Thursday, March 24, 2016

NJDOE + NJ Chamber of Commerce = Act of Incredible Desperation

A few weeks ago I attended a presentation in Clifton. The presenter, Dana Egreczky, was there on behalf of the New Jersey Chamber of Commerce (NJCC). Ostensibly, the purpose was to help parents understand the importance of standardized tests and their children's future in the business world. 

Anyone who pays attention to what's happening in Trenton, and, frankly, in DC, knows that the Chamber is a regular attendee at legislative education committee meetings. They often provide testimony and it's always on the side of the so-called education reform movement. I would even go so far as to say they, and the NJ Business and Industry Association, have more influence on what happens in our schools than parents and teachers. 

So, when the NJCC steps out into the daylight to weigh in on standardized testing, you bet I wanted to hear what they had to say. Two organizations that I am a part of are members of our local Chamber of Commerce. If NJCC is going around spreading misinformation on my behalf, I want to know about it.

The Clifton presentation was appalling. I haven't been able to get a copy of the presentation given to parents, but here is a link to the presentation she gave to Clifton students. A dad who was at the parent presentation audio taped it. He also blogged about it. You can read and listen to it here. The presentation was delivered in an angry tone, she made incredible claim after claim in an attempt to scare parents into letting their children take the PARCC tests. When asked for citations to back up her claims, parents were chided for having "opinions" and that in the 50 times she had delivered this particular presentation (no citation for that claim either), no one had ever asked for citation. Basically, her answer to any question was to bugger off. 

The next day, a parent sent an email to the president of NJCC asking for an explanation. The president wrote back and claimed no responsibility for Dana, saying she did not work for NJCC, even though she had identified herself as a Sr VP at the Chamber and President and CEO of the New Jersey Chamber of Commerce Foundation. Here is part of his response:
“thank you for the feedback....Ms. Egreczky is a consultant on a grant regarding CORE curriculum issues, not an employee of the Chamber....she is just beginning her presentations so your feedback is greatly appreciated as the intent is to be educational, not confrontational...we will make sure to modify her presentations to achieve our goal in a more user friendly style....please understand that she is not speaking for the Chamber and the issues you expressed concern about are not advocated by the Chamber....if you would like to discuss further, please contact me...thank you again"
Fast forward a couple of weeks and she was in another town delivering her message of despair. Parents reported that her presentation was toned down from what they heard happened in Clifton. NJCC likely had a conversation with her and I hoped the rhetoric had been brought down to the usual Kool-Aid level you hear at PARCC-in-the-Box presentations. I decided to wait until she came into my area to see it again. 

Last night, a friend sent me the presentation given in Deptford. Well, it is different than the one she gave in Clifton. Still no citations, still claims from crazyland, only now the presentation is on behalf of We Raise NJ, a coalition of Gates-funded reform groups. NJCC is still listed in the presentation, but now in a much less conspicuous way. 

The reason for the backstory and purpose of this post is to let everyone know what We Raise NJ is spewing. Their "coalition" is the NJ Chamber of Commerce, NJ Charter Schools Association, National Council of La Raza, NJ School Boards Association, Garden State Coalition of Schools, NJ Black Alliance for Educational Options, NJ Council of County Colleges, NJCAN, NJASCD, NJ Business & Industry Association, and New Jersey PTA. And, yes, lots of Gates Foundation money in exchange for pushing Common Core State Standards and the aligned testing in this group.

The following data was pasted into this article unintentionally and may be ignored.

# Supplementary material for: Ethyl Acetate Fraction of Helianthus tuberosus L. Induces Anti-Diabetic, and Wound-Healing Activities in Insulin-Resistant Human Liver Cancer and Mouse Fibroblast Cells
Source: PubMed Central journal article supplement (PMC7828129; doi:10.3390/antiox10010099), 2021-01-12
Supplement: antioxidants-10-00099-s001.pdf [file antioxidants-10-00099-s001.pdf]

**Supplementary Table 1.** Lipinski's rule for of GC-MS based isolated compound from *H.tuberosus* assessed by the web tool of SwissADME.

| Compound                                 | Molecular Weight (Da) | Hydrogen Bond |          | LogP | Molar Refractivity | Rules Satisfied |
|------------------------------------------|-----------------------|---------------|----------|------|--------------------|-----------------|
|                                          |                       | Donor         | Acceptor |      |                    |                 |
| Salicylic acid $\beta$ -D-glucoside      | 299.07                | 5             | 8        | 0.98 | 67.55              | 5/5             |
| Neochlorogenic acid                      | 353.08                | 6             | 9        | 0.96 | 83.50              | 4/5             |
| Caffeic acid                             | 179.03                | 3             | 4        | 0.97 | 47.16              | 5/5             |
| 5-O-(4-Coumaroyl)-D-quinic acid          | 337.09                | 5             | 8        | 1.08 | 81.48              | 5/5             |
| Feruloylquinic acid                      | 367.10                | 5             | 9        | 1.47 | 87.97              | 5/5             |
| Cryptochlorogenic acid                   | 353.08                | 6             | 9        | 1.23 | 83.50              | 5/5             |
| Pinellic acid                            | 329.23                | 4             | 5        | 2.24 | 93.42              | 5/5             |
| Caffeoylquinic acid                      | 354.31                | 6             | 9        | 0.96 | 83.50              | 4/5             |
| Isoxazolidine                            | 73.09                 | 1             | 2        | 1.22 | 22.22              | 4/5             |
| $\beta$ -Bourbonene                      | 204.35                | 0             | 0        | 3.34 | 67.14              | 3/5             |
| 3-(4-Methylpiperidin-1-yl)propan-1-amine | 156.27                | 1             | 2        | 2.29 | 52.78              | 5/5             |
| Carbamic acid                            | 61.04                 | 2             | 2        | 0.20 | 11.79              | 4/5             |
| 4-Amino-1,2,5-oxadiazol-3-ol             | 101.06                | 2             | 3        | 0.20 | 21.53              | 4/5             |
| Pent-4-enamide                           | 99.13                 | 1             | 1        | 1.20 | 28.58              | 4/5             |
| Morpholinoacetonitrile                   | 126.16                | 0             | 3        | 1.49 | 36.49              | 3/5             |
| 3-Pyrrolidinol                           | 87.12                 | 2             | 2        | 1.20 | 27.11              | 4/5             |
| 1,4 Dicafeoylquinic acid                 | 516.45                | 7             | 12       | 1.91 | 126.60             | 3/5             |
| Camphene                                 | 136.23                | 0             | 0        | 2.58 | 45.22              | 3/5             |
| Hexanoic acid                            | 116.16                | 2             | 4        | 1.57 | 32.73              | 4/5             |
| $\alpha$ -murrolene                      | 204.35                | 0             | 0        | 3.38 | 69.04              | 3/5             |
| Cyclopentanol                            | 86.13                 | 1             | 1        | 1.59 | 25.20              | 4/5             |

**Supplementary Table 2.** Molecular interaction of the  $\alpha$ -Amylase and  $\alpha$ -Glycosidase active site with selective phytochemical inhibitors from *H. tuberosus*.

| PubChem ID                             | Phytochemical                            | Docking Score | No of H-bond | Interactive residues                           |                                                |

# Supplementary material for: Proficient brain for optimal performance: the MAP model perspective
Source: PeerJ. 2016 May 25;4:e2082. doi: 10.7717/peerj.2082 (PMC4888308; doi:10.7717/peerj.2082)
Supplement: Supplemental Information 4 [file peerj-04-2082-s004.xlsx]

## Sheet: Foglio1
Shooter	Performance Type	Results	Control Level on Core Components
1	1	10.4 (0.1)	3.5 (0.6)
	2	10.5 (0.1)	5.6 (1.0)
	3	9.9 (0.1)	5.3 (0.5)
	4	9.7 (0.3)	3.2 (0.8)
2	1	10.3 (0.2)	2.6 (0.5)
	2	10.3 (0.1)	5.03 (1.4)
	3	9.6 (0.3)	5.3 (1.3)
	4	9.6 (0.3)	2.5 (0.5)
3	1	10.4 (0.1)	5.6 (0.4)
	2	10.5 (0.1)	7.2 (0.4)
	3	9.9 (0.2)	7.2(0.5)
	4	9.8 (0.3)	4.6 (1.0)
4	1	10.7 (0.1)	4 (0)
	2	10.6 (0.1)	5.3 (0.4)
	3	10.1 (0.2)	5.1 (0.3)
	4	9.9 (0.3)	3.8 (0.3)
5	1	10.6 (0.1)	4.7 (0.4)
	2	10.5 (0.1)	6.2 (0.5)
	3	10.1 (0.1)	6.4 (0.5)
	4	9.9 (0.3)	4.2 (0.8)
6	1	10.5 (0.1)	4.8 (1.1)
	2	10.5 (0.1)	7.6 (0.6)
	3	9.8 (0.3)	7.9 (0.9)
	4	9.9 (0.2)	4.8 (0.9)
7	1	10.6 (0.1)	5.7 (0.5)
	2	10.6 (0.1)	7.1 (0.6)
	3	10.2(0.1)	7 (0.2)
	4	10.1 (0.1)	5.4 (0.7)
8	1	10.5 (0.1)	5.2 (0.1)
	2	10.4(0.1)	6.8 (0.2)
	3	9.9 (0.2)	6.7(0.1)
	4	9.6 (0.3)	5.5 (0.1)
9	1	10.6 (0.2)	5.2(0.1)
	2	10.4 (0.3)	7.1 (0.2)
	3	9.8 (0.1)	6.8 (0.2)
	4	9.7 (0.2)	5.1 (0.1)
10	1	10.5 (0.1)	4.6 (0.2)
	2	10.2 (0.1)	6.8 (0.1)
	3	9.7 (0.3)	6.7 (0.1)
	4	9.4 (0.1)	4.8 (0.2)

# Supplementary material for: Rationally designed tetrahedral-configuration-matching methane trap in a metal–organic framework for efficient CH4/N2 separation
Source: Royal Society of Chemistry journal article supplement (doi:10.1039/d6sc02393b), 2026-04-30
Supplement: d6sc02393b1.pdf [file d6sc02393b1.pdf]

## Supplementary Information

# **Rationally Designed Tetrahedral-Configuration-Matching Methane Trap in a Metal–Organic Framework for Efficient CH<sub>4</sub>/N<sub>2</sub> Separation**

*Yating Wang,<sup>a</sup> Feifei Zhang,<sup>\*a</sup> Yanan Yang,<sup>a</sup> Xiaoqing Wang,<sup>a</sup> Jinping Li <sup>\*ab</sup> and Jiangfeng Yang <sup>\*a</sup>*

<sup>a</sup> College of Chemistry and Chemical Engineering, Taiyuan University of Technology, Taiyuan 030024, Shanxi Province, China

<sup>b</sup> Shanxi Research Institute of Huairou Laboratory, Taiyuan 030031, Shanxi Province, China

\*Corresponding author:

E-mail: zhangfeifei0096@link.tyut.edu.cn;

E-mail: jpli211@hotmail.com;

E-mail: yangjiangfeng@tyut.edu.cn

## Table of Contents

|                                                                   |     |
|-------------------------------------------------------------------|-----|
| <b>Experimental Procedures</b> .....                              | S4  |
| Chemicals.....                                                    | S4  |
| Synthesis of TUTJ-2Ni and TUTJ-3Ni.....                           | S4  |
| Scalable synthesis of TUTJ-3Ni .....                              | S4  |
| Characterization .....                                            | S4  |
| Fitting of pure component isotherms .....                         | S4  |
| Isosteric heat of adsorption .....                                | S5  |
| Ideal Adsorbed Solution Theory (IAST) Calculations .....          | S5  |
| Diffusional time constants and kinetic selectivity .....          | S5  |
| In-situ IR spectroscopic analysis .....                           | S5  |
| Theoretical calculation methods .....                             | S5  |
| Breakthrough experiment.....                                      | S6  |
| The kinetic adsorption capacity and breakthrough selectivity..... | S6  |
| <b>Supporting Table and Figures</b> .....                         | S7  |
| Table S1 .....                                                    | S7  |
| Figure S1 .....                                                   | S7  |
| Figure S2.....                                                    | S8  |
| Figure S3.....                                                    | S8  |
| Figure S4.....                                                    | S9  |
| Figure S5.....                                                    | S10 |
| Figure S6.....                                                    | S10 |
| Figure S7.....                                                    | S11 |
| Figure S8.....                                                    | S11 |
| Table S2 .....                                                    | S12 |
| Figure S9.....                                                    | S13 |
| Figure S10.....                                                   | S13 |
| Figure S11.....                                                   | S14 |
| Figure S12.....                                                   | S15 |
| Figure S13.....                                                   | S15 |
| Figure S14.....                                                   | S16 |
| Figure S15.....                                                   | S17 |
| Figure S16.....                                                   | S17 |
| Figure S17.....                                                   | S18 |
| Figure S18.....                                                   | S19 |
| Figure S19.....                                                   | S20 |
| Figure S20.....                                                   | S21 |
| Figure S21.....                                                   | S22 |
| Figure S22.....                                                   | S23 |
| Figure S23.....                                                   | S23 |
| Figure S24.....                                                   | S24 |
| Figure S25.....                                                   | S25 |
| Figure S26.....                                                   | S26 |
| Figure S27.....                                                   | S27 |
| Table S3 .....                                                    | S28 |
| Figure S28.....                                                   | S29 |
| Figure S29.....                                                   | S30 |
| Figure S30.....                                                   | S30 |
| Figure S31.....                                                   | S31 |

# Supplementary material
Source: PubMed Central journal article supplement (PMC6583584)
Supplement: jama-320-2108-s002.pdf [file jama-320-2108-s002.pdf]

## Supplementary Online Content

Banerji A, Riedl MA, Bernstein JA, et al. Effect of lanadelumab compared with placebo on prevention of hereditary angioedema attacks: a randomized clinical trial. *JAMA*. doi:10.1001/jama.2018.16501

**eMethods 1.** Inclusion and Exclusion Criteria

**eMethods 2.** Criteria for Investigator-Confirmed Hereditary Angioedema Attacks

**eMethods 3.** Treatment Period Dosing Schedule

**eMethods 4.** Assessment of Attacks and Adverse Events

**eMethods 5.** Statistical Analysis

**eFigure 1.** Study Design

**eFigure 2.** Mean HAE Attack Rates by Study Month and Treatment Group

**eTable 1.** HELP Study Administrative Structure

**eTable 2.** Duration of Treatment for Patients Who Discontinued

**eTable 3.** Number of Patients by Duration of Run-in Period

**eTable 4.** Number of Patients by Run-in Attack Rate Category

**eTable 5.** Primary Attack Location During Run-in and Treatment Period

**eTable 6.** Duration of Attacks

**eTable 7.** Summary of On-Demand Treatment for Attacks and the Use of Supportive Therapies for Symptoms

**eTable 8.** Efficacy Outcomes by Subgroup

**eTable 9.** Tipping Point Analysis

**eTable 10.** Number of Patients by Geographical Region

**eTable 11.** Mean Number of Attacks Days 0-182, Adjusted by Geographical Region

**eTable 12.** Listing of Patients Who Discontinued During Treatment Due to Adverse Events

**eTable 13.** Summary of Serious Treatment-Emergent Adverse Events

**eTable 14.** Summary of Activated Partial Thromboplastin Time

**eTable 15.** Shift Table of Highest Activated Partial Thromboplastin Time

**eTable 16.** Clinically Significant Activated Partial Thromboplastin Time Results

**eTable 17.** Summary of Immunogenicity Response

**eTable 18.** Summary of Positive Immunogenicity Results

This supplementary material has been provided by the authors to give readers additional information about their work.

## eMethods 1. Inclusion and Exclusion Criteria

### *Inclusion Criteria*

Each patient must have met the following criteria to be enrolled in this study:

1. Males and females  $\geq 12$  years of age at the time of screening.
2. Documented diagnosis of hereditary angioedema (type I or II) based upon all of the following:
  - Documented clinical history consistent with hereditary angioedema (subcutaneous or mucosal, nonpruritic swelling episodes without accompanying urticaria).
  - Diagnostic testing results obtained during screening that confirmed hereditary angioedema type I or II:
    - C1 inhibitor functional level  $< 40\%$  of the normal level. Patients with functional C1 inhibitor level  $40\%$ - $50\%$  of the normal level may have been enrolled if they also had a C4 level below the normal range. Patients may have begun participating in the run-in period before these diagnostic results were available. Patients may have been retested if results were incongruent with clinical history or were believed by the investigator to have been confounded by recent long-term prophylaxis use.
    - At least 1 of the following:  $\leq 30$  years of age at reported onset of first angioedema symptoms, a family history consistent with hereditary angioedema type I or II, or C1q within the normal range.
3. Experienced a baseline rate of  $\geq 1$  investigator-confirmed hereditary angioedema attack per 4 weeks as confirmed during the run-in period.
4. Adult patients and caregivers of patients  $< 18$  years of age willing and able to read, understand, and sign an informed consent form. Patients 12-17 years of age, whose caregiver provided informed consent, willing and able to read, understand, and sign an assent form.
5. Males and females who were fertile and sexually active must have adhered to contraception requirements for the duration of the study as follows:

The Clifton presentation ignored students with disabilities. The new one does not. This gem is on slide 63 and looks like it was thrown in as an afterthought. I hope you are all as appalled as I am with this 50+ year old line of thinking. Keep in mind We Raise NJ is telling parents that taking a test is the answer to everything, but for students with disabilities - meh, they are just a blight on society and should be forced to take the test too, just because.

Following this line of logic, We Raise NJ thinks that a single, not yet validated, test based on low level standards is going to the address how we take care of (nothing here about actually lifting up students and individuals with disabilities) our most vulnerable population. This is disgusting. And then to suggest that the parents and teachers of these students don't know how they are doing and that this test, which is NOT DIAGNOSTIC in any way shape or form, is going to enlighten them? Seriously? 

Just so parents of gen ed students are not left out. These are directed at you. God forbid you want a manicure, you've just put your child's future at risk.

The purpose of all this is: 

Got that? By taking PARCC, your child will not be living with you 30 years from now. 

If you're wondering WHY Dana is making the rounds to schools all over the state to deliver this garbage to you. Well, probably a good idea to ask to see your district's Corrective Action Plan (technically, the ESEA Accountability Action Plan). This show counts as an approved "action" by NJDOE. 

Have you had enough yet? I sure as hell have. Our kids deserve better than this! 

Tuesday, March 22, 2016

Acts of Desperation in the Name of Education

This morning I received an email from Carolee Adams, President of the New Jersey Eagle Forum. In her email, she described her experience at a local Board of Education meeting last night. It's not often that you walk into the auditorium and find it completely packed with students. When it is, there are usually awards being handed out. But not last night. 

Last night, those students were there on a public policy assignment. Cool, right? Well, maybe not so much. The Superintendent addressed the students, a plea to have them take the PARCC exams. Apparently, there will be a letter, with the permission of the BOE, sent home to parents also encouraging them to let their children take the PARCC. The reason for the pleas is to protect the high rankings of the high schools in the district. 

I know this Superintendent. He is my neighbor and my daughter's out of district placement is in one of his schools. I have a lot of respect for this man. There is a good reason why his schools are ranked so high (besides the stupid test scores). His staff - from the building principals to the janitorial staff - are fantastic. You could not ask for a better high school environment for your teenager. You could not ask for a more thoughtful and dedicated teaching staff. That is worth more than any standardized test score. I know he knows this.